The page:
Studio work and live shows are two very different worlds for me as far as equipment goes. Live, I’ve been using an Orange Rockerverb 100 most of the time. It’s very reliable for shows and gets enough of what I’m looking for. I’m not much of a gear nerd by any stretch, but it is really nice to have a bunch of amps that sound great. Most of the new album was tracked with an early 70’s Laney 60 watt Supergroup and an early 70’s Sound City Mark 3 Custom 100 watt. Usually layered on each other. They are the real deal for tracking, but I don’t trust them live. I have a ton of different pedals, but I try to use as few as possible. My pedalboard has a Maxon analog delay, a Crybaby Wah, an old MXR Phase 90 and a Boss tuner. We mess around with a bunch of different stuff in the studio, like a vintage Fuzz Face and a Parapedal Wah, but live I like to keep it really simple and not be dancing around on the pedalboard too much.

How your guitar adventure started?

My family was semi musical and all of us kids had to take lessons of some sort when we were young. I did piano for a year or two when I was around 10 or so, but I didn’t get bitten by the electric guitar bug until I was 14 and I heard the intro for Crazy Train come on the radio for the first time. That epic pick slide into that killer opening riff blew me away and made me want to know more about electric guitars. I worked a summer job and bought my first guitar and amp that year and starting getting into metal. My preferences were always the European players from the very start. I didn’t care that much about the flashiness of guys like Van Halen. Besides Randy Rhoads, who always sounded a bit European to me on the records, I really loved Michael Schenker and Ritchie Blackmore as well as Dave and Adrian from Maiden and Eddie Clarke from Motorhead. I think it was about a year or two after I’d been playing when Thrash Metal hit and I got really into thrash. The East Bay scene of Ruthie’s Inn and the River Theater in Guerneville were my introduction to playing live gigs. The band I played in wasn’t that popular or anything, but we played on bills with Possessed, Death Angel, Legacy, Violence, Attitude Adjustment, all the local bands that were coming up at the time. After that band ended, I went to college for a few years and fell deep under the spell of Jimmy Page. So I guess for more than 25 years now or so, I’ve been trying to be Jimmy Page. [Laughs] Along with metal or harder rock type stuff, I also have been really into early goth and modern rock stuff like the early Cure type stuff as well as Joy Division/New Order, Love & Rockets, Sisters of Mercy, etc...There’s a side of my brain that enjoys working with synths and programming drums just as much as playing guitar. That’s what I was doing for the few years leading up to Orchid. I lost interest in guitar and was deep into electronic stuff.

Do you have any guitarist paragon? If I’d have to guess I would say: Iommi and/or Jimmy Page. Yes or not?

Yeah, Jimmy Page for sure. He was always the coolest. Elegantly sloppy, I can relate to that style pretty intimately. It’s always weird for me to get compared to Iommi so heavily. I wasn’t much ever into him. I did like the Mob Rules album and Turn Up the Night was probably why I got my first wah pedal. I also really liked Born Again when I 16 or 17.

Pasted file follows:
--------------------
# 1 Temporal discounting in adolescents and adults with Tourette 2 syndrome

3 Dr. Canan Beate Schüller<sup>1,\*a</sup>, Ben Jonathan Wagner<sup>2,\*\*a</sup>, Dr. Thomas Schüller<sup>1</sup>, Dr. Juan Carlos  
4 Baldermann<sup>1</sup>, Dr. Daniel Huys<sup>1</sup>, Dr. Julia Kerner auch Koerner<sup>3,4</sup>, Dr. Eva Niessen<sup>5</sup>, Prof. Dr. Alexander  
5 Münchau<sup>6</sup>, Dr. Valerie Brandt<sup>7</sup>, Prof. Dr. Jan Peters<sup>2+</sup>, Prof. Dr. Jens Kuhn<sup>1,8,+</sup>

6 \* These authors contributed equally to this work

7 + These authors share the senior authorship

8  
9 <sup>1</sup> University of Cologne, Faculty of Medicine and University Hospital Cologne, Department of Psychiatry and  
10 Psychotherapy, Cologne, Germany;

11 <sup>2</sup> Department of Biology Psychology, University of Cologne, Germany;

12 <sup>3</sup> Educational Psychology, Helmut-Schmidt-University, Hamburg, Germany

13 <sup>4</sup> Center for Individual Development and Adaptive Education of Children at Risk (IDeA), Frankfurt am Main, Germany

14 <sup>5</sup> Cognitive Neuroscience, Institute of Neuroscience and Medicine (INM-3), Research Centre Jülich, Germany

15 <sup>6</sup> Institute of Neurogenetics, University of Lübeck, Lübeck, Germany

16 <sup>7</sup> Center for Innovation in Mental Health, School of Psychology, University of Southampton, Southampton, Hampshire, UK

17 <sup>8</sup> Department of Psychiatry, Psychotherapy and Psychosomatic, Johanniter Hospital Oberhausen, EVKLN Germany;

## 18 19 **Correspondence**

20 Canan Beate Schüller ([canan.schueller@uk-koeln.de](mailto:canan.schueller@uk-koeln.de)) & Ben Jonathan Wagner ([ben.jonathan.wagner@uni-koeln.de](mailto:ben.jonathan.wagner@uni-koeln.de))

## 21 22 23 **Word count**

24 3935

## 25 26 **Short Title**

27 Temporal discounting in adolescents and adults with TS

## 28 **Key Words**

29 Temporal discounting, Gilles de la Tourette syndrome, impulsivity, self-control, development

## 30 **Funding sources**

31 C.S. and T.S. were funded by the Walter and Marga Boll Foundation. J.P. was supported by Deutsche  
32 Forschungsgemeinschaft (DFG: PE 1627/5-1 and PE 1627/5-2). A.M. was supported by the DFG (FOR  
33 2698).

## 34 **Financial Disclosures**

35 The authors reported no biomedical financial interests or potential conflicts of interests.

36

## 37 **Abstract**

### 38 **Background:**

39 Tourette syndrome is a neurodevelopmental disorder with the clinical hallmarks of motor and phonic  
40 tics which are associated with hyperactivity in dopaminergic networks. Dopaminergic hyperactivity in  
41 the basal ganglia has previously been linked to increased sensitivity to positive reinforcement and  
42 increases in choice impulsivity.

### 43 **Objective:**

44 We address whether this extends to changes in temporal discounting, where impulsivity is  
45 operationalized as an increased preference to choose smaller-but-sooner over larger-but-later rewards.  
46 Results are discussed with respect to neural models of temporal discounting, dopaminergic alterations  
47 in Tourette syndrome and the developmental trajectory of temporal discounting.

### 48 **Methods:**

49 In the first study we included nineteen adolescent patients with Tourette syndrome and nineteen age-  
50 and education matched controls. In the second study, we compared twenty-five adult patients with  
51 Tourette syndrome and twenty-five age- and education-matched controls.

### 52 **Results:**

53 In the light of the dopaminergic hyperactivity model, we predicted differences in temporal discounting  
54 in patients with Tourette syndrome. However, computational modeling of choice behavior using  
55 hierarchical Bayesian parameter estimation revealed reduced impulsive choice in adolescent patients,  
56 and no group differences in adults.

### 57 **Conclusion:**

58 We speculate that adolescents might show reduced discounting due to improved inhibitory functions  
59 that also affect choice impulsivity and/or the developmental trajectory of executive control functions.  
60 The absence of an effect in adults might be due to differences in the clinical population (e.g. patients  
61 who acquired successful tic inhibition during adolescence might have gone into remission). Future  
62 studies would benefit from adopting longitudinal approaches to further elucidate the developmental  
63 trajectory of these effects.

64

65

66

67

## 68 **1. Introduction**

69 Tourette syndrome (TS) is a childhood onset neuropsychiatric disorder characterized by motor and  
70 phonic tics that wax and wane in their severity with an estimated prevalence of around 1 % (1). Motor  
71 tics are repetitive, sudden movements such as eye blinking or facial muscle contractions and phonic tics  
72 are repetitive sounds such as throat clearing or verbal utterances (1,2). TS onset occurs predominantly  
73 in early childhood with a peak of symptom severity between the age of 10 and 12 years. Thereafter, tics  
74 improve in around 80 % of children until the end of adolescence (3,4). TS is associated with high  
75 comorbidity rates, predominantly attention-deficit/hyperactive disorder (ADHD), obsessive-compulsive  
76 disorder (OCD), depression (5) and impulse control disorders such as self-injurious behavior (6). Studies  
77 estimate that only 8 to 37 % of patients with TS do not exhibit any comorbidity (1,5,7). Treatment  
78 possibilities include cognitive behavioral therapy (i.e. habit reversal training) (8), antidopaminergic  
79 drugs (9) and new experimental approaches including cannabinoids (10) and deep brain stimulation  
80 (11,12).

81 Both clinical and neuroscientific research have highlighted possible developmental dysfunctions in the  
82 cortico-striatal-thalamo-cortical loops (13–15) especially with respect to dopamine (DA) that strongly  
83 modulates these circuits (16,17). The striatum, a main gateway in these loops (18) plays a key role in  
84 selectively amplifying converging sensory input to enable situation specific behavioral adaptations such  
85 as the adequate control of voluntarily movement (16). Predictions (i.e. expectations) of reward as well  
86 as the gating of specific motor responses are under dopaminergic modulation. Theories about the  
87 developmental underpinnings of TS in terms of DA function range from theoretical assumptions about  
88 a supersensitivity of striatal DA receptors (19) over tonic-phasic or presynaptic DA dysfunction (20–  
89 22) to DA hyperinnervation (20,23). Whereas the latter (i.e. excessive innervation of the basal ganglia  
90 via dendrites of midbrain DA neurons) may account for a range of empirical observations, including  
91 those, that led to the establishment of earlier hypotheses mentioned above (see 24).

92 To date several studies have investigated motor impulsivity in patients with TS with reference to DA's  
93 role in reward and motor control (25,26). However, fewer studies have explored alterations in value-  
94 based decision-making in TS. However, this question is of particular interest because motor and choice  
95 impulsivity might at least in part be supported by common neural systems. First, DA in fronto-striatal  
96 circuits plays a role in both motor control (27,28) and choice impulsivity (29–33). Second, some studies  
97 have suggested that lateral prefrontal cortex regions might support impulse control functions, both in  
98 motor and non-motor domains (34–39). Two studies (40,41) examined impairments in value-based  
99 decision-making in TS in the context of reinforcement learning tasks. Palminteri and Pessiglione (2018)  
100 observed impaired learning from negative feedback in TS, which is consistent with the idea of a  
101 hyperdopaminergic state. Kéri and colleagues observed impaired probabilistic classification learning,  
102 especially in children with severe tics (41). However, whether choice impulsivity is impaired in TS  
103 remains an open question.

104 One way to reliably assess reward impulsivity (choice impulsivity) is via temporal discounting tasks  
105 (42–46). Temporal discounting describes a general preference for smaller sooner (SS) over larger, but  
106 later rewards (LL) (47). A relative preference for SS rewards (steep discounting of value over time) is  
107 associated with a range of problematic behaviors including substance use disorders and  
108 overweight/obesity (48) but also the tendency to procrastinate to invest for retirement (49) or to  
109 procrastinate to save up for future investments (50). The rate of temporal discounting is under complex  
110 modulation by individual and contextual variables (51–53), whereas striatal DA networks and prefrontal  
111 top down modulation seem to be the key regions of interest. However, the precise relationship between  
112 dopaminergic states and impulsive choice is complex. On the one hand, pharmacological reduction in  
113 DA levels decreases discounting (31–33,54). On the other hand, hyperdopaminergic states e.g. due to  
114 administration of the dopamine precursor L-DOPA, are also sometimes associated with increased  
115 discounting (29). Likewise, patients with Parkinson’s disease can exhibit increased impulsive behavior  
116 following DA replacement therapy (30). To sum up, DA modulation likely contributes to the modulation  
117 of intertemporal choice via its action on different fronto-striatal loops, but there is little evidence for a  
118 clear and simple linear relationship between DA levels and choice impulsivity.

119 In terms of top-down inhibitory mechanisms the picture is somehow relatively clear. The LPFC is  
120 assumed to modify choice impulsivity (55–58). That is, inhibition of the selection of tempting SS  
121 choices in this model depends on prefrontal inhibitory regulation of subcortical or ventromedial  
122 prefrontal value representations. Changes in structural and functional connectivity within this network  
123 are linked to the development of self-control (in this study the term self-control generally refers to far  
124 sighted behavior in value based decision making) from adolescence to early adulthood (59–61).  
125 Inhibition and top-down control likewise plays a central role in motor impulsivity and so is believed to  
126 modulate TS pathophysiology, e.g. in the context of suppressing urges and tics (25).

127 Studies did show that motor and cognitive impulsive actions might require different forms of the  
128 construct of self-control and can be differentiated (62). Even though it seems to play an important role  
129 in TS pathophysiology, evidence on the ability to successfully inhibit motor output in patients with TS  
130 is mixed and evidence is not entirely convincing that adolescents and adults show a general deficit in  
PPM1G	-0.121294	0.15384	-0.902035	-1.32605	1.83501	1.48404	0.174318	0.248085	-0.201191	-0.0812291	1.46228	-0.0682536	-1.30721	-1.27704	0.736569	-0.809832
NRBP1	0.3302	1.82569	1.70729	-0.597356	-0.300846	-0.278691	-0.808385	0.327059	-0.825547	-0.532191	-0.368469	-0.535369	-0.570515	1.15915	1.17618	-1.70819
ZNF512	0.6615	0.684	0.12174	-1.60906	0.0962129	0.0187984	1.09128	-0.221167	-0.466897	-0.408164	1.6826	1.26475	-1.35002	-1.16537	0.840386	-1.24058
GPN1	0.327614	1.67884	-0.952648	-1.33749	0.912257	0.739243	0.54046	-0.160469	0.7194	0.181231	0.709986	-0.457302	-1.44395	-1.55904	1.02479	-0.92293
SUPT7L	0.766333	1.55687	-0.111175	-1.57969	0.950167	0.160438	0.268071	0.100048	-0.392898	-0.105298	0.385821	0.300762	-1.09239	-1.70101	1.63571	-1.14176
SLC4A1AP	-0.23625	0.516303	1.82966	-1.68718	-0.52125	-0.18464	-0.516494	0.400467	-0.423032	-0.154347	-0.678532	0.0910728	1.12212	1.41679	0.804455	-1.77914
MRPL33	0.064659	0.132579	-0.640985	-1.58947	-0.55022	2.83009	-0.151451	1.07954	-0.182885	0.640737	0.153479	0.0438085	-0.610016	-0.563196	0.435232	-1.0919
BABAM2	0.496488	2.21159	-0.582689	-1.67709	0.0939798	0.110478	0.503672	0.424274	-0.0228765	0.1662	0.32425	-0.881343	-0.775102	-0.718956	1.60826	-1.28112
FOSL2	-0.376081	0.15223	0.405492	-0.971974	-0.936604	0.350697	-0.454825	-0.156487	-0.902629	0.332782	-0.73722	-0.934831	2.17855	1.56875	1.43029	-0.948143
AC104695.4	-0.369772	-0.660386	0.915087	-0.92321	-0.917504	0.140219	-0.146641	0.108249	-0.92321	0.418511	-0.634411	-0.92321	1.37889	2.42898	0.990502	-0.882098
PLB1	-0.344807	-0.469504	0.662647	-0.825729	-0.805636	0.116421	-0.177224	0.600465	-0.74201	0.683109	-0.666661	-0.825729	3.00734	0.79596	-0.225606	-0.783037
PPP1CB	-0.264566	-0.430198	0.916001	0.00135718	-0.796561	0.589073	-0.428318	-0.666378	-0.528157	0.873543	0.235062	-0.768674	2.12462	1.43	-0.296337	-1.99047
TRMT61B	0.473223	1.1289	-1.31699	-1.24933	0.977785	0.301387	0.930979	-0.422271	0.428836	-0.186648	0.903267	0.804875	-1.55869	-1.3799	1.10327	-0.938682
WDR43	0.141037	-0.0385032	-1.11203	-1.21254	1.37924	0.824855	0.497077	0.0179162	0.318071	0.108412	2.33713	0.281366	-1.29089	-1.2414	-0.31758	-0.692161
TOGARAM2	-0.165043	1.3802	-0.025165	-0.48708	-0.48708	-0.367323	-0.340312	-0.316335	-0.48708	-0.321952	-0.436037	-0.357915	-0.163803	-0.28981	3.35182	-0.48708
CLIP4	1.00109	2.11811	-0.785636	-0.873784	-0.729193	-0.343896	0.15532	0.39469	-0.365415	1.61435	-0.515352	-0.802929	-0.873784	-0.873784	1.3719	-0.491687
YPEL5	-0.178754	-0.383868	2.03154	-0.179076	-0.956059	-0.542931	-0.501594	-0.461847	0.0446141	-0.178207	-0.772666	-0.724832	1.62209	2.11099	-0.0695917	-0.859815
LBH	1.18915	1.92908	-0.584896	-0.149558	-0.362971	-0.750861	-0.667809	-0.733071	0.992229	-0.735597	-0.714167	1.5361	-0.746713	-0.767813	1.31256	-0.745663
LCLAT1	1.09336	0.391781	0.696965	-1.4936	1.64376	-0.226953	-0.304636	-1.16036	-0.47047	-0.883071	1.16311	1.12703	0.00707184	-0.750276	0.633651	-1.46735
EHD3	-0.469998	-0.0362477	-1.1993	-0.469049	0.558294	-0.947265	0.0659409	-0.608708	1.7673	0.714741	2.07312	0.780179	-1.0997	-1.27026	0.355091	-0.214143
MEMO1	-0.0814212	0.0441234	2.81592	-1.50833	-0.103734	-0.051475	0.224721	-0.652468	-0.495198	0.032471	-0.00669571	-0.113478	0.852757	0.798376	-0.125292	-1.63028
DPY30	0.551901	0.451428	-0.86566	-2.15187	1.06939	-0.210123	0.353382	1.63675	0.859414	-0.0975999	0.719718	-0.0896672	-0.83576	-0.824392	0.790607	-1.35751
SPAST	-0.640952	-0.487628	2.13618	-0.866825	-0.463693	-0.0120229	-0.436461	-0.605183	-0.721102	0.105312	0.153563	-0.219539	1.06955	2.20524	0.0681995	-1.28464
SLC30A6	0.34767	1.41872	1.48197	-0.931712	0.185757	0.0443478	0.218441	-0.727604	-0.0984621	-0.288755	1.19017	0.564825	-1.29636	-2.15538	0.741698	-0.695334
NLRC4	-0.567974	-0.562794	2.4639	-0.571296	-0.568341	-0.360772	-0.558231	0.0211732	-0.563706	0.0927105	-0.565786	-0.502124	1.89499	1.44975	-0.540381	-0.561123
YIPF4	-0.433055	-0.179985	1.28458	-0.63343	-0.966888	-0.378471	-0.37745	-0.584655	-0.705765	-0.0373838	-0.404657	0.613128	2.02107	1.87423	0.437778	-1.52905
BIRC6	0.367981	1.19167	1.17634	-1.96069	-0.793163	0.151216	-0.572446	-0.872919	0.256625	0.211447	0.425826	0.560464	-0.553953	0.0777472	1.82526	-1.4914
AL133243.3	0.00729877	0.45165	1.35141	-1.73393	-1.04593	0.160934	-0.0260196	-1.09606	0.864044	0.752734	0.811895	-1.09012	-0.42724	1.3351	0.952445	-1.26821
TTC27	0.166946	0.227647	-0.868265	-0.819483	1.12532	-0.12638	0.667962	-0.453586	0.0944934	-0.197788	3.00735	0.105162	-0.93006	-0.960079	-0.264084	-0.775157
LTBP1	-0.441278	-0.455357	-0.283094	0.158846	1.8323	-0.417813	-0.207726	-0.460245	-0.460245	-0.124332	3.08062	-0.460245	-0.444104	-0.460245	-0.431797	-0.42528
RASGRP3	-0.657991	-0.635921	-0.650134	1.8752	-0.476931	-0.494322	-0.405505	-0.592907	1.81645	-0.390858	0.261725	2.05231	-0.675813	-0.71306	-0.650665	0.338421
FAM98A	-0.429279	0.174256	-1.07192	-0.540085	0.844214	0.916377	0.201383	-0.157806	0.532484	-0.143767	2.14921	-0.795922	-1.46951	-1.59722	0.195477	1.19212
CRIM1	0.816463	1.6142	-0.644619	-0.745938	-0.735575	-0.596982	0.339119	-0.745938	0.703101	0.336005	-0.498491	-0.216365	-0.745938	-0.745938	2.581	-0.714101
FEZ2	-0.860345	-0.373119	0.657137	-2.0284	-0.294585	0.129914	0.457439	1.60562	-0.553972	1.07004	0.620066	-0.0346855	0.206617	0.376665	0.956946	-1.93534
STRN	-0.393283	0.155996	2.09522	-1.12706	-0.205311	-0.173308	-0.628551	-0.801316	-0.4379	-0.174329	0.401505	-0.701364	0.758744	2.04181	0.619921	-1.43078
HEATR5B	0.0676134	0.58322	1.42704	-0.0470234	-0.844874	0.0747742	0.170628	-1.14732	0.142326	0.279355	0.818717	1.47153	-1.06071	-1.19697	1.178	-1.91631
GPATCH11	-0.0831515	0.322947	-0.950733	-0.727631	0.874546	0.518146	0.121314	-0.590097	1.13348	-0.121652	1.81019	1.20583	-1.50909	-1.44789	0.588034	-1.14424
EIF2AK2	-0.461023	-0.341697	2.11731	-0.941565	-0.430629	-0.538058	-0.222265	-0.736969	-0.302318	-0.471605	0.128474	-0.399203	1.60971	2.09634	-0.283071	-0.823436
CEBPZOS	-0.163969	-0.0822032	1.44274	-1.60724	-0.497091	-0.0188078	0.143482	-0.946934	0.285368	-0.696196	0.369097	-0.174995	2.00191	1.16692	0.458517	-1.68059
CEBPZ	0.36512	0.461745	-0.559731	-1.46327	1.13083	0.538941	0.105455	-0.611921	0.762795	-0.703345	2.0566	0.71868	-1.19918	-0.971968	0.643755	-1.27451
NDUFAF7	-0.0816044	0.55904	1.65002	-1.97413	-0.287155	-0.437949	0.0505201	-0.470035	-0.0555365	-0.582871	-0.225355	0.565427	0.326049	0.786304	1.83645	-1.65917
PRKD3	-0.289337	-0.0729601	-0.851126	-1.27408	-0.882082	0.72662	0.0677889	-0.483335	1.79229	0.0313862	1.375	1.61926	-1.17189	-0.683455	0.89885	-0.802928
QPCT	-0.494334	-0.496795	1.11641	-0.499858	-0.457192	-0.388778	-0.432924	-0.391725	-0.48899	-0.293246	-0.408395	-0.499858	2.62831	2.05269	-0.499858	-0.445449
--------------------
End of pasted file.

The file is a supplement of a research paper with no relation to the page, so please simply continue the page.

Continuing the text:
Are you self-taught or did you take any guitar lessons?

I did take some lessons from a local guy in my town who saw me playing at the music store and told me, "hey, you’d be pretty good if you actually knew what you were playing". I was just trying to play fast and letting my fingers land wherever they landed. Kerry King style! Hahaha...So he taught me scales and a little theory and got me into a lot of stuff beyond metal. I guess he expanded my horizons a bit. He was a fingerstyle folk type player, Like John Fahey. It used to just blow me away to watch him play. I still love that style of guitar work.

Pompously announced brand new Black Sabbath album, recorded in almost original line-up was released in June. Do you think "13" may bring a valuable music? What's your opinion on all this confusion associated with works on this album, I mean absence of Bill Ward, discussions about contract terms, etc.

It’s sad that everything is in the public forum these days. There’s no such thing as closed door discussions any more, is there? As far as the album, I don’t really care that much either way. I listened to the first released track and it didn’t do much for me. There might be a few good songs on it. I’ll see at some point I suppose.

You toured together with Witchcraft and Free Fall. What were your expectations in regard with it?

Well, just hoping for the best. It’s very hard for us to leave our jobs and homes for a month. I’m pretty certain that most of us will make much less on tour than we would at work, so it’s really depressing and a bit nerve wracking to wonder how it will work out. You just have to hope for the best really. I’m sure the time on stage will be great. We’ve been sounding great as a band in rehearsal leading up to all of this.

Nuclear Blast invests in vintage bands lately, which is confirmed by such contracted names like Graveyard, Witchcraft, Kadavar or Orchid. How did they find you?

I got someone’s email address from a friend at a big metal magazine and wrote them saying that we had a few other big labels talking to us and asked them if they’d be interested in checking the Capricorn album out before we made a decision on signing with anyone.

What's your plans for the nearest future, apart from forthcoming tour?

Nothing really, probably just work on writing some new material while we see how the new album goes over with the public.

Entered: 9/19/2014 12:00:00 AM